Al-Shabaab threatens Ethiopian security ahead of ATMIS withdrawal from Somalia

Al-Shabaab is increasingly threatening Ethiopia amid the escalating conflict between its militants and Ethiopian and other foreign troops in Somalia (The Reporter, July 1). With the African Union Transition Mission in Somalia (ATMIS) set to fully withdraw from Somalia by the end of 2024, it is likely that al-Shabaab will continue to intensify its current offensive to gain more control over Somali territory. This could draw neighboring Ethiopia into a protracted conflict in the coming years—on both sides of its border with Somalia.

Al-Shabaab’s anti-Ethiopian sentiment

Al-Shabaab’s grievances with Ethiopia primarily stem from the latter’s 2006-2009 occupation of Somalia, during which time the Mogadishu-based Islamic Courts Union (ICU) was overthrown. Having initially risen to prominence alongside the ICU, al-Shabaab’s power has grown substantially in the years since this initial occupation, with the group now controlling much of Somalia’s fertile southern countryside (The East African, January 17). Ethiopia, meanwhile, participated in the African Union Mission in Somalia (AMISOM) that lasted between 2007 and 2022. Likewise, as previously stated, Addis Ababa is a key contributor to the African Transition Mission in Somalia (ATMIS), which succeeded AMISOM in April 2022 (ATMIS, August 12).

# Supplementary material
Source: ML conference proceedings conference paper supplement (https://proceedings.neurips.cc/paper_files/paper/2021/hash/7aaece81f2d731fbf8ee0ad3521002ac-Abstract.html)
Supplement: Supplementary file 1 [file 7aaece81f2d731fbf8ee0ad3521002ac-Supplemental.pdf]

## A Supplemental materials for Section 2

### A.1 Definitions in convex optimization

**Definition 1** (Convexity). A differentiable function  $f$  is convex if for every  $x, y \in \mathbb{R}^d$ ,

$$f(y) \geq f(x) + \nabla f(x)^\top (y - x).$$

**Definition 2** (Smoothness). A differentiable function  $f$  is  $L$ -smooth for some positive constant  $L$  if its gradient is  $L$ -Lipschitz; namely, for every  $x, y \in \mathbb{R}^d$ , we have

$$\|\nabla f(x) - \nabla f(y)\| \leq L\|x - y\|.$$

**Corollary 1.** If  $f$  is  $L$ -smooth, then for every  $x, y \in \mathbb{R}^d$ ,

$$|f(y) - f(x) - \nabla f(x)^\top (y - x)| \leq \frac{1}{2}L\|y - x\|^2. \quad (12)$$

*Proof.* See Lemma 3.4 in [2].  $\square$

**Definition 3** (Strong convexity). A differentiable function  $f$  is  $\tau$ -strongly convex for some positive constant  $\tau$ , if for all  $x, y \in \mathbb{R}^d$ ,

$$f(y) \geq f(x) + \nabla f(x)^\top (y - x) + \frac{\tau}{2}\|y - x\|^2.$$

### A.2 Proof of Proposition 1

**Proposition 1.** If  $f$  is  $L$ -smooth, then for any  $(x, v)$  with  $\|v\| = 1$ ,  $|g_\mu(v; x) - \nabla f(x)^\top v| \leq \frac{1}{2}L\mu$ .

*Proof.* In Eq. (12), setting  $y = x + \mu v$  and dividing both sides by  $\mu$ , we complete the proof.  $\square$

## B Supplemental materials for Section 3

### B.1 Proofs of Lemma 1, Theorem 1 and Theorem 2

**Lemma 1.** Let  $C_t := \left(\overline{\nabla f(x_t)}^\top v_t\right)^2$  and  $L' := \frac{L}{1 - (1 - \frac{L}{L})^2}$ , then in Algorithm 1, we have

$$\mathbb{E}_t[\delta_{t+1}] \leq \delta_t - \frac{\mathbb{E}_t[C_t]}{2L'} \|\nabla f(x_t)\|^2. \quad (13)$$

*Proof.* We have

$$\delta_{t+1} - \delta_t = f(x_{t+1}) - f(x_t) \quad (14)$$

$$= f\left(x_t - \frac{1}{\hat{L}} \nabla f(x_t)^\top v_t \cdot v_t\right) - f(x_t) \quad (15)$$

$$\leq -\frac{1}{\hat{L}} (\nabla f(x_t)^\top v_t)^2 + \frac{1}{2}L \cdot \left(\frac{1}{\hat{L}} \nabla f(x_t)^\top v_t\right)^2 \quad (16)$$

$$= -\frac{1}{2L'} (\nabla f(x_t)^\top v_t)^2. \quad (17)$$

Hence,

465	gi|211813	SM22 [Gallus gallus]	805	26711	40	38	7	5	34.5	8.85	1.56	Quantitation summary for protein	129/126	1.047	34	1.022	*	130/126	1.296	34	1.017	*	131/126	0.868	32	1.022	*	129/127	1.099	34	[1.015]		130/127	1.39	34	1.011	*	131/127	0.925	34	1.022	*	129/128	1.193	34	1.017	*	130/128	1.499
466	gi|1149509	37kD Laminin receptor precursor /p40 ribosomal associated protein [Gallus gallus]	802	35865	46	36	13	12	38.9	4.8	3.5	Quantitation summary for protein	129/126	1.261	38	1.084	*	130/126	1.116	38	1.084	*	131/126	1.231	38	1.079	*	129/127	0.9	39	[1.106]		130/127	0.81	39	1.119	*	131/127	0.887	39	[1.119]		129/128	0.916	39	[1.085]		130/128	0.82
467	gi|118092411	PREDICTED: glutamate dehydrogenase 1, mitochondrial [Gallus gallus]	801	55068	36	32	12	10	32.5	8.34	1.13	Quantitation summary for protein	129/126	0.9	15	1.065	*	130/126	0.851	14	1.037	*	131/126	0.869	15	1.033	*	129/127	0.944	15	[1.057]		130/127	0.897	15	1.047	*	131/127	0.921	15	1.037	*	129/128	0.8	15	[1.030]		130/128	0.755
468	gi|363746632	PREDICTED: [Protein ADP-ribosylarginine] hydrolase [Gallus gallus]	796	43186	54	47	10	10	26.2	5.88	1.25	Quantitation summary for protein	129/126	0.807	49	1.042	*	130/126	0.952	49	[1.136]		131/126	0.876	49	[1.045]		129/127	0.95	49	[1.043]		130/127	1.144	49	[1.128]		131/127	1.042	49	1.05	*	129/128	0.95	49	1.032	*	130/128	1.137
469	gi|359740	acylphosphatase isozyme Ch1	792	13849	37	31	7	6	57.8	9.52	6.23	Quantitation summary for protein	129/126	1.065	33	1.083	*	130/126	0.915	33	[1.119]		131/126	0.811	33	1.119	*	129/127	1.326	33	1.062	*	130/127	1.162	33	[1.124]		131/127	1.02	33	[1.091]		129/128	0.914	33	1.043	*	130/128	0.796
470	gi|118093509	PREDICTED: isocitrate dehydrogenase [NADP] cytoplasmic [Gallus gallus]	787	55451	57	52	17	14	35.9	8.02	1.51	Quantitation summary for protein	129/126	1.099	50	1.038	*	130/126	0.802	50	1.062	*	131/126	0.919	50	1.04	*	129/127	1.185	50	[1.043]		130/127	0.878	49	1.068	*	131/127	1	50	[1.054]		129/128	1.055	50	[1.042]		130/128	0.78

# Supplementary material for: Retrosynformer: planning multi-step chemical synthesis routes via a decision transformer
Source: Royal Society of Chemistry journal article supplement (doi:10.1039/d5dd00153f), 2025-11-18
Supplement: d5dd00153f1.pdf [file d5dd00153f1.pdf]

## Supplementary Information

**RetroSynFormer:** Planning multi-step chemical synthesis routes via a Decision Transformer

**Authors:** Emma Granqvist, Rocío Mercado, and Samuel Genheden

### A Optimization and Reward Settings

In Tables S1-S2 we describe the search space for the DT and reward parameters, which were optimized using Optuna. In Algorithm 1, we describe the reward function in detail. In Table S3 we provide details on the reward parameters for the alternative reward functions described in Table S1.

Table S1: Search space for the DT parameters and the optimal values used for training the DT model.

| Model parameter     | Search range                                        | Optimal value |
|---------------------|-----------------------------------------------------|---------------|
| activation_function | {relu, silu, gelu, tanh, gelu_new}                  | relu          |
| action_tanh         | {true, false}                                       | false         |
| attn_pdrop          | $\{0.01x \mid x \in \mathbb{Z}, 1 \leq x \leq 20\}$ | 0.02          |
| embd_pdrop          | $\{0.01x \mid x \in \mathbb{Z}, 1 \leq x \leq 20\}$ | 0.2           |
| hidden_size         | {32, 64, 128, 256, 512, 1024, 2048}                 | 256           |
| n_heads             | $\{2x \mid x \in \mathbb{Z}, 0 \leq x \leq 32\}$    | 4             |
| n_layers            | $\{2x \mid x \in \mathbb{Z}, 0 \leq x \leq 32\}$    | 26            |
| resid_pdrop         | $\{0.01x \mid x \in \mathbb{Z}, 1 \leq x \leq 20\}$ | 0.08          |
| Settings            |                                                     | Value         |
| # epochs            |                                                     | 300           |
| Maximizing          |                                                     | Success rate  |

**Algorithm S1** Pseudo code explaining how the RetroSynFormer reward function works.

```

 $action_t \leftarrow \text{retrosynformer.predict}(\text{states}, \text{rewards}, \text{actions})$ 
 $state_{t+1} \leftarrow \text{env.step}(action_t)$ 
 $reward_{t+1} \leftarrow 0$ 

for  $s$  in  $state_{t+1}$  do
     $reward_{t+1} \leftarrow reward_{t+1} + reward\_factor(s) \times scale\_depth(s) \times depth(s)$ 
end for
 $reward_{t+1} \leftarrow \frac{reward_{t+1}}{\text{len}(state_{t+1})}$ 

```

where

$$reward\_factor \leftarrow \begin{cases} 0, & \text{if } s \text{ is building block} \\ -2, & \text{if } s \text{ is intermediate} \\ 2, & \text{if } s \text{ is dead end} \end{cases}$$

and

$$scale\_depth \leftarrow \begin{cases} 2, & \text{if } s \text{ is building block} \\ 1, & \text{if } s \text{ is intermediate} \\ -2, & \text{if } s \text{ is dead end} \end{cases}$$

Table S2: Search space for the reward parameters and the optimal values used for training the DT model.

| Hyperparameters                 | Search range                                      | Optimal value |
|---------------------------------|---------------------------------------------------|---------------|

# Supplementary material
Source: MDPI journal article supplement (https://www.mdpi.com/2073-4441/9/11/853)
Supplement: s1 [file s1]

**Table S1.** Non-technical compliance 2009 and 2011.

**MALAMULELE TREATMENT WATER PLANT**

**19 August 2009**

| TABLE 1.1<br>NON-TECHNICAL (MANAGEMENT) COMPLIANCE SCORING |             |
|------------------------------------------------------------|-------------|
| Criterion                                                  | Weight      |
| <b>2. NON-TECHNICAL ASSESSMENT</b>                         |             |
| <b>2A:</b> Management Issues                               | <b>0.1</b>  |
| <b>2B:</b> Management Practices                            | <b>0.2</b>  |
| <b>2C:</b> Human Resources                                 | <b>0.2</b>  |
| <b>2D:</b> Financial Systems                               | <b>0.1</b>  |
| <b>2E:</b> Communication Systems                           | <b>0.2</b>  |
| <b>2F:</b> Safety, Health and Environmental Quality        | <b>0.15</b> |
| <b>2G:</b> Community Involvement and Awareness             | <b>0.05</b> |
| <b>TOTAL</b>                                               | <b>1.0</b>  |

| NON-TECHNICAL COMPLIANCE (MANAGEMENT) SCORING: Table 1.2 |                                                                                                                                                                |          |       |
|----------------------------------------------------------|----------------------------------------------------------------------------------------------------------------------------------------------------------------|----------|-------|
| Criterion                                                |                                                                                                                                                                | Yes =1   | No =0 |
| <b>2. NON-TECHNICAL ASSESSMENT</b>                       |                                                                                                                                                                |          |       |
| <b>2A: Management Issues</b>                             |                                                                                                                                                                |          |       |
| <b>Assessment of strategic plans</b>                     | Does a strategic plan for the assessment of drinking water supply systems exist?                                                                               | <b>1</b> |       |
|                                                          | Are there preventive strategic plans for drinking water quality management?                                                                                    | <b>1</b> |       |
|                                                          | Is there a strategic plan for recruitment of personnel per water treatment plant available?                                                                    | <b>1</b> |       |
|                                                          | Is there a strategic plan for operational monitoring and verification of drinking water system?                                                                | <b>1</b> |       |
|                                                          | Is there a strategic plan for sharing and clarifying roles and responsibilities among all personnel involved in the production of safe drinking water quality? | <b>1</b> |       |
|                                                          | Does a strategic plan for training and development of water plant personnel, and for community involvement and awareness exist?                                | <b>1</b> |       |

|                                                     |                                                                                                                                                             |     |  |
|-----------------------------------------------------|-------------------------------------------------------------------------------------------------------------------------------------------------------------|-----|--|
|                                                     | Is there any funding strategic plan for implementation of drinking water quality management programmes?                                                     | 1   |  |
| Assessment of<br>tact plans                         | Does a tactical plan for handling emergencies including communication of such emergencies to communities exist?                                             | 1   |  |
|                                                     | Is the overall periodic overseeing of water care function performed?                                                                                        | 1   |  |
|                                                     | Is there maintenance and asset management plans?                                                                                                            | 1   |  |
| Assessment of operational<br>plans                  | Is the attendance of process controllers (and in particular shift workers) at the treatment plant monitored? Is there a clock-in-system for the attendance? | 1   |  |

Ethiopia’s role in the nearly two-decade-long military occupation of Somalia has made it a longstanding target of al-Shabaab, and the intensity of the group’s animosity against Ethiopia appears to be on the rise (Voice of Nigeria, June 8). Al-Shabaab and the broader al-Qaeda network—of which al-Shabaab is its wealthiest and most capable branch—have mentioned Ethiopia multiple times in their propaganda literature in recent months. For example, a June 19 statement from al-Qaeda’s General Command called on “the people of Islam as a whole to stand with their mujahideen brothers in the Mujahideen Youth Movement (al-Shabaab) in Somalia … to hold Ethiopia accountable for their blatant transgressions.” This was in response to the recent destruction of mosques in Ethiopia (al-Qaeda General Command, June 19). Further, a May 19 fatwa by al-Shabaab scholars called on “the Muslims of East Africa to rise up in support of their religion, to defend their lands, and to [repel the invading forces of] the Ansar of Abyssinia [Ethiopians] and the rest of the infidels and apostates.” Finally, al-Shabaab released a pamphlet on March 10, entitled: “The Only Way of Salvation for Muslims in Ethiopia: The Shari’ah System” (Harakat al-Shabaab, March 10).

Although most such statements are written in Arabic, the latter of these was published in English—Ethiopia’s most broadly spoken language—in a likely attempt to sow dissent within the country. This came amid ongoing efforts by al-Shabaab to radicalize and recruit Ethiopians into its ranks (Ethiopia Insight, June 23). Al-Shabaab has also targeted other groups in East Africa by using social media accounts in a wide range of languages, including Swahili and Arabic.

Tensions mount in Somalia and on Ethiopia’s border